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The Girlhood of Shakespeare's SistersGender, Transgression, Adolescence$
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Jennifer Higginbotham

Print publication date: 2013

Print ISBN-13: 9780748655908

Published to Edinburgh Scholarship Online: May 2013

DOI: 10.3366/edinburgh/9780748655908.001.0001

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Female Infants and the Engendering of Humanity

Female Infants and the Engendering of Humanity

(p.104) Chapter 3 Female Infants and the Engendering of Humanity
The Girlhood of Shakespeare's Sisters

Jennifer Higginbotham

Edinburgh University Press

On the early modern public stage two types of characters were literally inhuman: infants and live animals. What they had in common was that no actors performed their parts. Infants were represented by bundles of blankets or dolls rather than live children, and in the absence of a body beneath the bearing cloth, the only markers of the fictional infant’s human status were the actions and words of the players. Without them, the infants would have remained in a thing-like state, suspended somewhere between prop and character. To create the dramatic illusion that these inanimate bundles were human characters, early modern playwrights had their characters describe these neuter objects as gendered subjects. Using Shakespeare’s Pericles, The Winter’s Tale, and Henry VIII and Thomas Middleton’s A Fair Quarrel and A Chaste Maid as a jumping off point, this chapter demonstrates that to be spoken of as human on the early modern stage depended upon a language of gender.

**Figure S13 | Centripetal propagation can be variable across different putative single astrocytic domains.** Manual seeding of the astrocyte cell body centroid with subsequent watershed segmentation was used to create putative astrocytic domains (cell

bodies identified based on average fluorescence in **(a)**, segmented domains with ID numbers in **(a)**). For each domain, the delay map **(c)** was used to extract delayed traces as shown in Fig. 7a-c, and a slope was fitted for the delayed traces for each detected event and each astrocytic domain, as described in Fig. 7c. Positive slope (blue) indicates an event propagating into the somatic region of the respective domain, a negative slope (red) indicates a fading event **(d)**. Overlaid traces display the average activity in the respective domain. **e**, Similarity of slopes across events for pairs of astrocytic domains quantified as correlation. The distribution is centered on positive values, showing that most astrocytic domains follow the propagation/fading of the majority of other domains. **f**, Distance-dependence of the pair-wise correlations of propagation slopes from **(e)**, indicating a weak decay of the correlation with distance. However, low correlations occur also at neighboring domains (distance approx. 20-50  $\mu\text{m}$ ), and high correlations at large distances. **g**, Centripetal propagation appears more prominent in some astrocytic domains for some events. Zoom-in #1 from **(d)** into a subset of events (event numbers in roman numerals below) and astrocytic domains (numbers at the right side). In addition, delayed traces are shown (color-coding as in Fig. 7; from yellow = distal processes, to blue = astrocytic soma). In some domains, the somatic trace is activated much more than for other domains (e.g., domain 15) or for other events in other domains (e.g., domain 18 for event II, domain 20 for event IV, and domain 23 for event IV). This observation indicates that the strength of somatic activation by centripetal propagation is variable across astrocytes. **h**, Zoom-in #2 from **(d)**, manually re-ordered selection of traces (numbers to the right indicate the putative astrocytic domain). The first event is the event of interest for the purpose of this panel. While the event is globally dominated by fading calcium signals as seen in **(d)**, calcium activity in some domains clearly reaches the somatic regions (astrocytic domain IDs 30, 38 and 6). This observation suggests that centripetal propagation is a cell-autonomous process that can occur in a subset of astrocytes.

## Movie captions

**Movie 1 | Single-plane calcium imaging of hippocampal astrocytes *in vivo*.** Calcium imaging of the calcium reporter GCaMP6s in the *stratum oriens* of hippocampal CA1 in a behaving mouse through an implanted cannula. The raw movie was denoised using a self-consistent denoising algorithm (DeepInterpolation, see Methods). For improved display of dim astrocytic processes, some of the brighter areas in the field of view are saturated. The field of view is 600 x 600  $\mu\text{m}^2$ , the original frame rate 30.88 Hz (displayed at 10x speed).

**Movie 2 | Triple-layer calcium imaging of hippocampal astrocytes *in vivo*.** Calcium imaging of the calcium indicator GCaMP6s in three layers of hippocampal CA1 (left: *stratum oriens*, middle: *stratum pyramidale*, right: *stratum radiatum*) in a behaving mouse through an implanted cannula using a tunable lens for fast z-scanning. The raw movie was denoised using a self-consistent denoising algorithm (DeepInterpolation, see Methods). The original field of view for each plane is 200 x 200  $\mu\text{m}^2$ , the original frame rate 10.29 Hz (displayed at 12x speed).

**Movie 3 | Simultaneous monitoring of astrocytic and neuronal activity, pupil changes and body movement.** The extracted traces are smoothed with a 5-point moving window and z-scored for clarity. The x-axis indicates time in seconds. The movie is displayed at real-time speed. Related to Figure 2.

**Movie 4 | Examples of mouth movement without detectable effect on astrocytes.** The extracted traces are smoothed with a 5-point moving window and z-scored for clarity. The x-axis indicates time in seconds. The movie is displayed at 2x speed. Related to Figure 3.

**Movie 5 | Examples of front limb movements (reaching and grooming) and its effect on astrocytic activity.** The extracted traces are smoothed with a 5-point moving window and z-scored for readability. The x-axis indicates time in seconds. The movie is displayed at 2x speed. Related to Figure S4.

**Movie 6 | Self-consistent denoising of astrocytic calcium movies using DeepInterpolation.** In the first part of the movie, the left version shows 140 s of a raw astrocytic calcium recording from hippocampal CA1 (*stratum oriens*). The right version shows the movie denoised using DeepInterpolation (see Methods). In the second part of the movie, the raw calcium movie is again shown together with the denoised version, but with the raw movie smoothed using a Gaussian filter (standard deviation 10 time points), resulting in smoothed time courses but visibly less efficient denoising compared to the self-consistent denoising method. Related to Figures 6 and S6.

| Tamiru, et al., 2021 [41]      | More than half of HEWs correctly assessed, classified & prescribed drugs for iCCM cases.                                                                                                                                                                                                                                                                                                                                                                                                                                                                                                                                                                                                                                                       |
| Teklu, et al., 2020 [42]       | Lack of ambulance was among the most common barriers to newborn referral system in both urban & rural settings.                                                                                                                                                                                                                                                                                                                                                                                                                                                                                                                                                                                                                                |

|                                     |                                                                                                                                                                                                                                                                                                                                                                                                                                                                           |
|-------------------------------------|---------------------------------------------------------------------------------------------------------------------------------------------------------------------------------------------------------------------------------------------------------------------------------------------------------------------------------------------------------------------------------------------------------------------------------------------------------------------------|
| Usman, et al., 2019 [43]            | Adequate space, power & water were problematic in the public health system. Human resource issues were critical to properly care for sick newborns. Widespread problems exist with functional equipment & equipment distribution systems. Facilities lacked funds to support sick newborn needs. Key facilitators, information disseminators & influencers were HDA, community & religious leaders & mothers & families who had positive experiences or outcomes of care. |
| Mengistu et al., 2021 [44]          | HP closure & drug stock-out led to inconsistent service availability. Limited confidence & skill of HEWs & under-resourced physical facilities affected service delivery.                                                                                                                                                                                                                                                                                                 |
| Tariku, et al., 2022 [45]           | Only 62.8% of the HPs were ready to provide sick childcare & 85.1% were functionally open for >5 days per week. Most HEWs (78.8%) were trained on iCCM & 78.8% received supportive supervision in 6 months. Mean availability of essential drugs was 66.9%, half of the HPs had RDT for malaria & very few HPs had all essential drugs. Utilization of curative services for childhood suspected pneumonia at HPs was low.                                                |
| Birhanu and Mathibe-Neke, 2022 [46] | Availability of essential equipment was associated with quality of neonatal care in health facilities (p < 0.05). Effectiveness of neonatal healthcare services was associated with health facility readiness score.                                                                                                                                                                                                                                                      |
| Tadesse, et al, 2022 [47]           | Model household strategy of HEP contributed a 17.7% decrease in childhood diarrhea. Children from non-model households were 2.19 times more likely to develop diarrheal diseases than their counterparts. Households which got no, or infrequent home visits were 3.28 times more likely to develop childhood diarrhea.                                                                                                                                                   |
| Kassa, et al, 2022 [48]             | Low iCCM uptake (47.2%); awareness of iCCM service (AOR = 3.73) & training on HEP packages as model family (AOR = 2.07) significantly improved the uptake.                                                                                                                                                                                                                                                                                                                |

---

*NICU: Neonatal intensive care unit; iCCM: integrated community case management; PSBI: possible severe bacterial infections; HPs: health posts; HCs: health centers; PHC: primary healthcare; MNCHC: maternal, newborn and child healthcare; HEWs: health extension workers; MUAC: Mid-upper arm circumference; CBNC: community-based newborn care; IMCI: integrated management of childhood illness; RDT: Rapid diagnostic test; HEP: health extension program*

Keywords:   Infants, Gender, Early modern stage, Shakespeare, Thomas Middleton, Pericles, Henry VIII, The Winter’s Tale, Chaste Maid in Cheapside, A Fair Quarrel

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